I sleep in a flannel nightcap.
My wig sleeps in a closet,
comb and brush in a drawer.

I wake to a still life—
a clock that marks the hour
before it strikes.

No skull on my desk.
Just a face in the mirror,
unrecognizable.

The Joins

Kintsugi is the Japanese art of mending
precious pottery with gold.

 

What’s between us

seems flexible as the webbing

between forefinger and thumb.

 

Seems flexible but isn’t;

what’s between us

is made of clay

 

like any cup on the shelf.

It shatters easily. Repair

becomes the task.

 

We glue the wounded edges

with tentative fingers.

Scar tissue is visible history

 

and the cup is precious to us

because

we saved it.

 

In the art of kintsugi

a potter repairing a broken cup

would sprinkle the resin

 

with powdered gold.

Sometimes the joins

are so exquisite

 

they say the potter

may have broken the cup

just so he could mend it.

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Filed under Poetry, Poets, Remembering Poets, women poets, Women's poetry

My Review of Meriam’s Lillian Trilogy on Trish Hopkinson’s Blog: Check It Out!

Read it here. What a thrill to have a guest blog post on Trish’s fantastic site! Meriam’s book is definitely a must-read.

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Filed under Book Reviews, Formal Poetry, Formal poets, Poetry, Poetry in forms, women poets, Women's poetry

Okla Elliott 1977-2017: Gone Too Soon

On March 19, 2017, the young and very accomplished poet Okla Elliott passed away unexpectedly in his sleep. He was also a novelist, fiction writer, translator, translator, and teacher, in academia and beyond. I discovered his poetry from Subtropics, where I read the first poem below.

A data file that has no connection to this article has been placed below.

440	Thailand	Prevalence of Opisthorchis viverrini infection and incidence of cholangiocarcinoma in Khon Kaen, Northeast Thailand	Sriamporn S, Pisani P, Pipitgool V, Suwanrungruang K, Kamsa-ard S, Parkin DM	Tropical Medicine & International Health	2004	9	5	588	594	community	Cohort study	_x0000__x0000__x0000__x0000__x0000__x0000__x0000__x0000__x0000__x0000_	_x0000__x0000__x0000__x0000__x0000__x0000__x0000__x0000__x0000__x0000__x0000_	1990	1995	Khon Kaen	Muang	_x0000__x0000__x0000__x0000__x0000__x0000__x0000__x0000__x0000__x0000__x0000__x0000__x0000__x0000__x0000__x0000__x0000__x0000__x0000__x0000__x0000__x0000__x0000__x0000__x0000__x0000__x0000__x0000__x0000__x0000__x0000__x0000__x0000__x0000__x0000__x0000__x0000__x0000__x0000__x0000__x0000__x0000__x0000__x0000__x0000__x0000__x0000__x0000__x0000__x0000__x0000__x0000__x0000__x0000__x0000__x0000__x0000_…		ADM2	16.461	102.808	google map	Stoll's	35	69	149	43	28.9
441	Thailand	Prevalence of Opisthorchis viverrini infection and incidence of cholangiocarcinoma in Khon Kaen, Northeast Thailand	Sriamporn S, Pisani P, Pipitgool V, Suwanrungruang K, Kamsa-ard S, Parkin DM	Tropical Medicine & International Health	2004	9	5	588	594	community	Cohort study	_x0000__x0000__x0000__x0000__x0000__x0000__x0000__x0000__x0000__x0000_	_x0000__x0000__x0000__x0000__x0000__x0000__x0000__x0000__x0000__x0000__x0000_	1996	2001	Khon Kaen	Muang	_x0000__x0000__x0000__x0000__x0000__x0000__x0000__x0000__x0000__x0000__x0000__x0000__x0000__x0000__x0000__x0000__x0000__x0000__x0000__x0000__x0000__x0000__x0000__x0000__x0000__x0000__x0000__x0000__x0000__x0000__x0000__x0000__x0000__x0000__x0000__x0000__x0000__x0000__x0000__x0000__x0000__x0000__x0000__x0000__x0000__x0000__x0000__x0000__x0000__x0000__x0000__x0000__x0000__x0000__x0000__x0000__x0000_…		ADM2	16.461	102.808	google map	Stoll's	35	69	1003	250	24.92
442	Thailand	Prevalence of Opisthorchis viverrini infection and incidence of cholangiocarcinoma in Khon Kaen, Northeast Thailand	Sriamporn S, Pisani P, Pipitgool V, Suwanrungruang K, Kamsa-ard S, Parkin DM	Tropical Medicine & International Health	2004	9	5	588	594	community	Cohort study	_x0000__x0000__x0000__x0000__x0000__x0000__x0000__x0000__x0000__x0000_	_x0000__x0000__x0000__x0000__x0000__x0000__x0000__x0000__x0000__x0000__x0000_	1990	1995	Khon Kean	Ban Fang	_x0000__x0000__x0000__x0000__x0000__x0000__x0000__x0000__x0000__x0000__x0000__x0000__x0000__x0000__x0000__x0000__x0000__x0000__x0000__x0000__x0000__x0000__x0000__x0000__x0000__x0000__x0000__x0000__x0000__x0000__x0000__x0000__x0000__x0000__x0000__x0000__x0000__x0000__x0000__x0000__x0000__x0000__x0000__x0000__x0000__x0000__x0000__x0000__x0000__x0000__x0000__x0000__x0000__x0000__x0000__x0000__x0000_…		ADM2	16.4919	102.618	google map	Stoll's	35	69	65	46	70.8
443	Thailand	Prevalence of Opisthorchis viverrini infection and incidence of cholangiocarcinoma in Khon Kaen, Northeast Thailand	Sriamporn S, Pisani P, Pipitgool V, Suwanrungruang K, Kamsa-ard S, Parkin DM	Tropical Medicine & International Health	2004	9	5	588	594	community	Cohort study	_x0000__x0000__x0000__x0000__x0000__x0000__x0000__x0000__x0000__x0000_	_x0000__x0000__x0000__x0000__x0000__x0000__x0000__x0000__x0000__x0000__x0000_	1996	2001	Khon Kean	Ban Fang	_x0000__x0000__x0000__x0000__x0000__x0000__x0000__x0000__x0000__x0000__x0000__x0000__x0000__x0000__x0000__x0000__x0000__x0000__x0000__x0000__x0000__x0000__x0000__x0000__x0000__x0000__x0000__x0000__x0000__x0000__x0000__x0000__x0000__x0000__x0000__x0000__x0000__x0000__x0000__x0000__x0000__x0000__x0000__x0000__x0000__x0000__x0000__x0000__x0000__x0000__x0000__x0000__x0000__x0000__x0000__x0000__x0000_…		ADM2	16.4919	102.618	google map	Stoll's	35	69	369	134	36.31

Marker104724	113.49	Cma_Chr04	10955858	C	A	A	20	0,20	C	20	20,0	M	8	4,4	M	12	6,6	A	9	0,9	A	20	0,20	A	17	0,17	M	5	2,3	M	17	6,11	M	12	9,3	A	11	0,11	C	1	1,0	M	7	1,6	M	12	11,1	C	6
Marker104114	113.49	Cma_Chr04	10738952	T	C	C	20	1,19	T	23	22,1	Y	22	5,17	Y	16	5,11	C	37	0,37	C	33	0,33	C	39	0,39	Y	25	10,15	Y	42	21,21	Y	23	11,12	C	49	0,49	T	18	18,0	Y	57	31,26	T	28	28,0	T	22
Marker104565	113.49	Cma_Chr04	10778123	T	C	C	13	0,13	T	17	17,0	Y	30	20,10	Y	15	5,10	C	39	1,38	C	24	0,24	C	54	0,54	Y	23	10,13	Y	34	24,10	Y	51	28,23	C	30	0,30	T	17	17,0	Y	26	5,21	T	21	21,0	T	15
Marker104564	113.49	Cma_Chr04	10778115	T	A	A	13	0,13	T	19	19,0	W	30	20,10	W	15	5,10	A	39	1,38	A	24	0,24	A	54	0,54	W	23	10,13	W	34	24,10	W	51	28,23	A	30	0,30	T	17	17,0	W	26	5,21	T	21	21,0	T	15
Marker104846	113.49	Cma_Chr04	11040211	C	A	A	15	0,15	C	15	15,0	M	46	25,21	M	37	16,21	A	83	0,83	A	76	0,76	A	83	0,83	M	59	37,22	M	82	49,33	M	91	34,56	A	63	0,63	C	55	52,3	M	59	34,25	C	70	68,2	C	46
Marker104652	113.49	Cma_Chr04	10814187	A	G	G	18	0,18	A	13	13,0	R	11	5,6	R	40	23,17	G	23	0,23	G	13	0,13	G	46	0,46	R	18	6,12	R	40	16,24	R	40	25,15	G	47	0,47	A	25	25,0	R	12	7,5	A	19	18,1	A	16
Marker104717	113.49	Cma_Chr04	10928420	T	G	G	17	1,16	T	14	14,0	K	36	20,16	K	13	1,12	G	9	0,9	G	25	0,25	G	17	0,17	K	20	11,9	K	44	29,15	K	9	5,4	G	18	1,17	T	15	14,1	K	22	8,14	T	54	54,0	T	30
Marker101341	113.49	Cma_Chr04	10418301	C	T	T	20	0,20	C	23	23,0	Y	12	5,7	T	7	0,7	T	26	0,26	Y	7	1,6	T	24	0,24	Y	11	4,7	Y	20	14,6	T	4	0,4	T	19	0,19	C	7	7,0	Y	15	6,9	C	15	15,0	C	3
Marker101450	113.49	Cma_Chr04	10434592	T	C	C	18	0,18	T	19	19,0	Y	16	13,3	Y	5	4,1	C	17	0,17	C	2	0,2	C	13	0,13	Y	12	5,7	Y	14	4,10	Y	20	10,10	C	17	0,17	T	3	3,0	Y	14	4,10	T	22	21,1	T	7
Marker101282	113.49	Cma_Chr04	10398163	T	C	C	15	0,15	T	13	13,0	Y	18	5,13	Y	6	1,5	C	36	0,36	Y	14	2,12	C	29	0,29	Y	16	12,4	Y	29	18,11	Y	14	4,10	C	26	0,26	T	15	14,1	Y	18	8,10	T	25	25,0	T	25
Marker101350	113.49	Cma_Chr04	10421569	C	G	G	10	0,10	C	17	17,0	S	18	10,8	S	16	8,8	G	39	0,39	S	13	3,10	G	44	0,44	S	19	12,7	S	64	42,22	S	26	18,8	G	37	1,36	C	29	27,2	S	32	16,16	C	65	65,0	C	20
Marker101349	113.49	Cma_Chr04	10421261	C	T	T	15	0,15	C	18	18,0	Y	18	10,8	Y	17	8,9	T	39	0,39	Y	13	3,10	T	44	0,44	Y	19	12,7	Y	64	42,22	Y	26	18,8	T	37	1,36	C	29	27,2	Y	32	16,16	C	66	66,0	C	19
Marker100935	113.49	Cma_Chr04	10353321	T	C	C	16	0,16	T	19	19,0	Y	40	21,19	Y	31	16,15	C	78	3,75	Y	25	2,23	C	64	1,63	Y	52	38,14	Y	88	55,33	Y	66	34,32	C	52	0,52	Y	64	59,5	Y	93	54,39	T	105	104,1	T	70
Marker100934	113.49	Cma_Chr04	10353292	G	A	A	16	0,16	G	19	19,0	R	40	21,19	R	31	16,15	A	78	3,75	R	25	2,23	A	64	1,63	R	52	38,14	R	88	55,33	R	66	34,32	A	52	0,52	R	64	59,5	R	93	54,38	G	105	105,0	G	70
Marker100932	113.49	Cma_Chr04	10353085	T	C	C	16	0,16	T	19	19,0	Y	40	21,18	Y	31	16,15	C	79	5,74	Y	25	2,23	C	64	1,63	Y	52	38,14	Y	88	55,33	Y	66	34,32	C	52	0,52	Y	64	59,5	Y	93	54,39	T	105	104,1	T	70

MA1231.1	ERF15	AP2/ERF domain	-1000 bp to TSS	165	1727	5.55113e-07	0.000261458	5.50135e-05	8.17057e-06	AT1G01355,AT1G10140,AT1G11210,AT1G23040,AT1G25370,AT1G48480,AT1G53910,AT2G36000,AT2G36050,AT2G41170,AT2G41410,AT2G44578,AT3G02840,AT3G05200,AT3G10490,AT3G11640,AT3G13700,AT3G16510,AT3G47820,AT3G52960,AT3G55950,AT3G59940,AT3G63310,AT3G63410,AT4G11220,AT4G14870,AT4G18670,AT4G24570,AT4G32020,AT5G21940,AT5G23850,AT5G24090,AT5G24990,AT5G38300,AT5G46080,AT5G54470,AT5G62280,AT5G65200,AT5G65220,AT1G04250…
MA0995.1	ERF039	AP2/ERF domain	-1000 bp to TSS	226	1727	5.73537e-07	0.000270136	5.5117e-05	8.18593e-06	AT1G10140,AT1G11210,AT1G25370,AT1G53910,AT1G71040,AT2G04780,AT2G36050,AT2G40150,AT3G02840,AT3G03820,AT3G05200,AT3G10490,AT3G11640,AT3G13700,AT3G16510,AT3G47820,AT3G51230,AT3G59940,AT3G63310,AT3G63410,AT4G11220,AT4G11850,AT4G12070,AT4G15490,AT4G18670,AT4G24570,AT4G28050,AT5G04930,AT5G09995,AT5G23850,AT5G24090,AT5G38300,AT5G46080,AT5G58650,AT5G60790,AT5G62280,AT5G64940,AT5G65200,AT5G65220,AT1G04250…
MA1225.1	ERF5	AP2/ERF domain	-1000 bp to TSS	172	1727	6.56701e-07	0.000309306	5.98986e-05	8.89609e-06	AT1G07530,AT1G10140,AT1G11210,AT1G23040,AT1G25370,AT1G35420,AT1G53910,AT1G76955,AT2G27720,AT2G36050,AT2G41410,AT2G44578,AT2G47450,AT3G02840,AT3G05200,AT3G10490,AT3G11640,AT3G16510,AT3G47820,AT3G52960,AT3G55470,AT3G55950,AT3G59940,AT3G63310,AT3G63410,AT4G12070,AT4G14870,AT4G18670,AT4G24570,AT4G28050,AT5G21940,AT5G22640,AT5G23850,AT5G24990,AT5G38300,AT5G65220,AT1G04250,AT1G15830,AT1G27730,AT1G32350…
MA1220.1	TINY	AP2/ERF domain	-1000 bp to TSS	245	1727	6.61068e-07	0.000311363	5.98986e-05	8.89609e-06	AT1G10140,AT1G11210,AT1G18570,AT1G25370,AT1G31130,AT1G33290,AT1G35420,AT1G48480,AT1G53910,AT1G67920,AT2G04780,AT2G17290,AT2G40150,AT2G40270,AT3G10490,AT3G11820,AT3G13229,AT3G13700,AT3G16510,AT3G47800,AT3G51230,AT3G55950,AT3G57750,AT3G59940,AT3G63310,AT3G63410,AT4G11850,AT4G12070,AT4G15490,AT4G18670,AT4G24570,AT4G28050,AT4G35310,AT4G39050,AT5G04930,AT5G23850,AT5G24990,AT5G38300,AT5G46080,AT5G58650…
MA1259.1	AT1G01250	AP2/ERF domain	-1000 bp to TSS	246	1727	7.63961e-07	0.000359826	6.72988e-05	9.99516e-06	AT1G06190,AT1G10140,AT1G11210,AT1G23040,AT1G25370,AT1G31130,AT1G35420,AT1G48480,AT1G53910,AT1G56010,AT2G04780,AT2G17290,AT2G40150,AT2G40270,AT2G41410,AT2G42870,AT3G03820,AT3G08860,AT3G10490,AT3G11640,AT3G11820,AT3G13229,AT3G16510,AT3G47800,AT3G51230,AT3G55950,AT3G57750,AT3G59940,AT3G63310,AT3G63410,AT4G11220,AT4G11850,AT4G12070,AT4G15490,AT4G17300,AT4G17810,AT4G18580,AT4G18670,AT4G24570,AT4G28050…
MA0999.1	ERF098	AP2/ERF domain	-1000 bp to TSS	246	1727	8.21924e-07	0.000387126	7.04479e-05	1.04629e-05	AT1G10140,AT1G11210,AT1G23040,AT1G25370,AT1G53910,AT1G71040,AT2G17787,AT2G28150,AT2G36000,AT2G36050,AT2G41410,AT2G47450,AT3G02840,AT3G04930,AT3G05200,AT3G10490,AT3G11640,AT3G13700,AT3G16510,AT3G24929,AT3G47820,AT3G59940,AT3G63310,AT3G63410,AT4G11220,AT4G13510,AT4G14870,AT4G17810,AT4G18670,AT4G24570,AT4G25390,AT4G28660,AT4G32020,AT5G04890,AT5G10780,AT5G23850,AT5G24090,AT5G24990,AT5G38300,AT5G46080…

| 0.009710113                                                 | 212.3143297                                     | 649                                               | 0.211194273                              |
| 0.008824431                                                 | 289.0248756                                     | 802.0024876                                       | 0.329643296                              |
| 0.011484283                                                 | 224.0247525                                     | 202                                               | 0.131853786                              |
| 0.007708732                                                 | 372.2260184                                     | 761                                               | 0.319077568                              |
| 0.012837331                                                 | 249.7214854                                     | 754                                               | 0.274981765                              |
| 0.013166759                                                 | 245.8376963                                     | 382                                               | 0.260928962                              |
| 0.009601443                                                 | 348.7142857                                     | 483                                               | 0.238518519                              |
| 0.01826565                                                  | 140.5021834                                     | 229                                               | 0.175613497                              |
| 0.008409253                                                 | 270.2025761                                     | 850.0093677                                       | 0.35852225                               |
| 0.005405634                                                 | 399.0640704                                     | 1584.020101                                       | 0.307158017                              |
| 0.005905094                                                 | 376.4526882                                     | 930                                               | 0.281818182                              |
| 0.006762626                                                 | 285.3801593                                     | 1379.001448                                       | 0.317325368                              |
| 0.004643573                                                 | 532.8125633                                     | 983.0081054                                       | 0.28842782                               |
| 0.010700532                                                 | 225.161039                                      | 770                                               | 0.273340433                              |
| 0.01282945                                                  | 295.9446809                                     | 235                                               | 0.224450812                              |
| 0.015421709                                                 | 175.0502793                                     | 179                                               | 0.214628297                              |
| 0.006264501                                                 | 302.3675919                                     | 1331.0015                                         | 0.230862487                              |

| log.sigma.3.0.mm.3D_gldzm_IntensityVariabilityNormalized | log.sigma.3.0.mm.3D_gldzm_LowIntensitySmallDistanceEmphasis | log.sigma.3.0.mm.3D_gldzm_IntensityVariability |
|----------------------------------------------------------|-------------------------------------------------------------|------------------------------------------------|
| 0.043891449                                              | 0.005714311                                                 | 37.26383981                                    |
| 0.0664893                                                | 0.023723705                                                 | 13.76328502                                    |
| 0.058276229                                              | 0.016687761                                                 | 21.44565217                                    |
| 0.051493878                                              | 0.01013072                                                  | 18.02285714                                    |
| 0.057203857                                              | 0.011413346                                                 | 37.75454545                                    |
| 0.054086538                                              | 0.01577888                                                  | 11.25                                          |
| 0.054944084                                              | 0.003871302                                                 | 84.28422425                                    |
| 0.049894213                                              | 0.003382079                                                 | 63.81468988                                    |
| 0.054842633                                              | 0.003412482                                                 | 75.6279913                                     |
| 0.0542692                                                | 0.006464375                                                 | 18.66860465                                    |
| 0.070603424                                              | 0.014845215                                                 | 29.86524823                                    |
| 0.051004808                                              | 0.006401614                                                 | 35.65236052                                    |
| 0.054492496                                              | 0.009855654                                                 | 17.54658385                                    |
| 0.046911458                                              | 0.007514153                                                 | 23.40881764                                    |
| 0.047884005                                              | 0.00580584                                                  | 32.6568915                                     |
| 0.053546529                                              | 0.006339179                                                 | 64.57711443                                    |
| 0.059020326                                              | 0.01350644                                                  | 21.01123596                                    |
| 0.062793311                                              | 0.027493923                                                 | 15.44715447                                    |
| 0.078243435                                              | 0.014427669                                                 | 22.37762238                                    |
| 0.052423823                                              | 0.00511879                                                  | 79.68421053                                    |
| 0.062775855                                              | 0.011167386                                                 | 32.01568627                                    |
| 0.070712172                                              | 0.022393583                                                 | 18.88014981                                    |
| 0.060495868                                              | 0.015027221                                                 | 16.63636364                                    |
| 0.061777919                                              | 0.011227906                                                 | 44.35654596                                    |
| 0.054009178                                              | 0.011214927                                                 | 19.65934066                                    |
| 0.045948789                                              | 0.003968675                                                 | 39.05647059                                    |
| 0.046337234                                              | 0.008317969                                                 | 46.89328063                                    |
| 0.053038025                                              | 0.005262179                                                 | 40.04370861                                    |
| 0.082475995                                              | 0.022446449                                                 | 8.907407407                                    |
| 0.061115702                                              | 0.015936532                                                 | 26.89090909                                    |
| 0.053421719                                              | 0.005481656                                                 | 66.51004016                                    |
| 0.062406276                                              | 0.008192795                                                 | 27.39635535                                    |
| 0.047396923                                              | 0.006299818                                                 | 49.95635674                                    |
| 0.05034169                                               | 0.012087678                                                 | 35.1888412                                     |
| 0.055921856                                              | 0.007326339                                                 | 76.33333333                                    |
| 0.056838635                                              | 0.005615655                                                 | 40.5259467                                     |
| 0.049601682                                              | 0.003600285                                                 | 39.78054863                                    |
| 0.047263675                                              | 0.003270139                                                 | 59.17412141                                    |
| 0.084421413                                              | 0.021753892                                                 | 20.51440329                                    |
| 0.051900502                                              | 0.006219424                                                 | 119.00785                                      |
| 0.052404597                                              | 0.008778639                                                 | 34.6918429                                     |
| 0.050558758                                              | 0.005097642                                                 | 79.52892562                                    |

The Patience of the Land Mine 
        

Weeds grow over rusty death

in a field no crops

but many flowers

will populate. The land mine dreams

the sweetness of a child’s foot

or a dog’s paw to depress

its small detonator, dreams

the echoing boom

and the wet bloom of meat and bone.

It dreams its dream for years, decades,

does nothing but dream,

and never grows tired.

But I only experienced his considerateness firsthand when I published a review in the same issue of Tupelo Quarterly Review as he did, after which we became Facebook friends. It seemed as if I merely blinked, maybe twice, and he was gone. What a loss! This article gives an idea of how much he is missed and his legacy, as well as another of his fine poems.

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Filed under Poetry, Poets, Remembering Poets